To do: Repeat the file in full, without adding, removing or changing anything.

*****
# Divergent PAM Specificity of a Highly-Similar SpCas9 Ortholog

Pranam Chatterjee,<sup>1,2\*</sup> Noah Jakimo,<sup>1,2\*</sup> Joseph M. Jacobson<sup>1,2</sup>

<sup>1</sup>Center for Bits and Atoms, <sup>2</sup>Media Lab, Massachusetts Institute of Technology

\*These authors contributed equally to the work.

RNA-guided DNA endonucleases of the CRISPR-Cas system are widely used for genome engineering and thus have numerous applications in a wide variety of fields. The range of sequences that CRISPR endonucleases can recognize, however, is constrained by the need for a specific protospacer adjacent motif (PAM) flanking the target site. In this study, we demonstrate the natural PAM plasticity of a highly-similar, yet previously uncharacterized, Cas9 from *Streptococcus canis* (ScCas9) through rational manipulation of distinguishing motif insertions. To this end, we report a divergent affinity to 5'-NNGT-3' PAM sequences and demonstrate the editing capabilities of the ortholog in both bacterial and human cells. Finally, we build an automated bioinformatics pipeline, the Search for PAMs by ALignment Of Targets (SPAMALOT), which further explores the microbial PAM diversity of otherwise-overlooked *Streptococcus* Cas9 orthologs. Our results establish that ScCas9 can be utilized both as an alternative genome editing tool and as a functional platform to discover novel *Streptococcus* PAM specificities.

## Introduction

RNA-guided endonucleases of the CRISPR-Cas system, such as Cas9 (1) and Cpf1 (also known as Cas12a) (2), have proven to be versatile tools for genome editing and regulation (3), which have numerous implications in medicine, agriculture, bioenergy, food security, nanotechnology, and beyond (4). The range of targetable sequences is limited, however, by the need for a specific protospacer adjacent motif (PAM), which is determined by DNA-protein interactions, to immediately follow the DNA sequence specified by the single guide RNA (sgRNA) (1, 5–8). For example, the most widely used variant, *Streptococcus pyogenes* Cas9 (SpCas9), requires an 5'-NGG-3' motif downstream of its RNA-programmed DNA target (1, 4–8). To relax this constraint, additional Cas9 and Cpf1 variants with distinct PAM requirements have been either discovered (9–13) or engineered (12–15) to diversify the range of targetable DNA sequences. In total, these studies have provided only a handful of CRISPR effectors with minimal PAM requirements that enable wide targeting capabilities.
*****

# Divergent PAM Specificity of a Highly-Similar SpCas9 Ortholog

Pranam Chatterjee,<sup>1,2\*</sup> Noah Jakimo,<sup>1,2\*</sup> Joseph M. Jacobson<sup>1,2</sup>

<sup>1</sup>Center for Bits and Atoms, <sup>2</sup>Media Lab, Massachusetts Institute of Technology

\*These authors contributed equally to the work.

RNA-guided DNA endonucleases of the CRISPR-Cas system are widely used for genome engineering and thus have numerous applications in a wide variety of fields. The range of sequences that CRISPR endonucleases can recognize, however, is constrained by the need for a specific protospacer adjacent motif (PAM) flanking the target site. In this study, we demonstrate the natural PAM plasticity of a highly-similar, yet previously uncharacterized, Cas9 from *Streptococcus canis* (ScCas9) through rational manipulation of distinguishing motif insertions. To this end, we report a divergent affinity to 5'-NNGT-3' PAM sequences and demonstrate the editing capabilities of the ortholog in both bacterial and human cells. Finally, we build an automated bioinformatics pipeline, the Search for PAMs by ALignment Of Targets (SPAMALOT), which further explores the microbial PAM diversity of otherwise-overlooked *Streptococcus* Cas9 orthologs. Our results establish that ScCas9 can be utilized both as an alternative genome editing tool and as a functional platform to discover novel *Streptococcus* PAM specificities.

## Introduction

RNA-guided endonucleases of the CRISPR-Cas system, such as Cas9 (1) and Cpf1 (also known as Cas12a) (2), have proven to be versatile tools for genome editing and regulation (3), which have numerous implications in medicine, agriculture, bioenergy, food security, nanotechnology, and beyond (4). The range of targetable sequences is limited, however, by the need for a specific protospacer adjacent motif (PAM), which is determined by DNA-protein interactions, to immediately follow the DNA sequence specified by the single guide RNA (sgRNA) (1, 5–8). For example, the most widely used variant, *Streptococcus pyogenes* Cas9 (SpCas9), requires an 5'-NGG-3' motif downstream of its RNA-programmed DNA target (1, 4–8). To relax this constraint, additional Cas9 and Cpf1 variants with distinct PAM requirements have been either discovered (9–13) or engineered (12–15) to diversify the range of targetable DNA sequences. In total, these studies have provided only a handful of CRISPR effectors with minimal PAM requirements that enable wide targeting capabilities.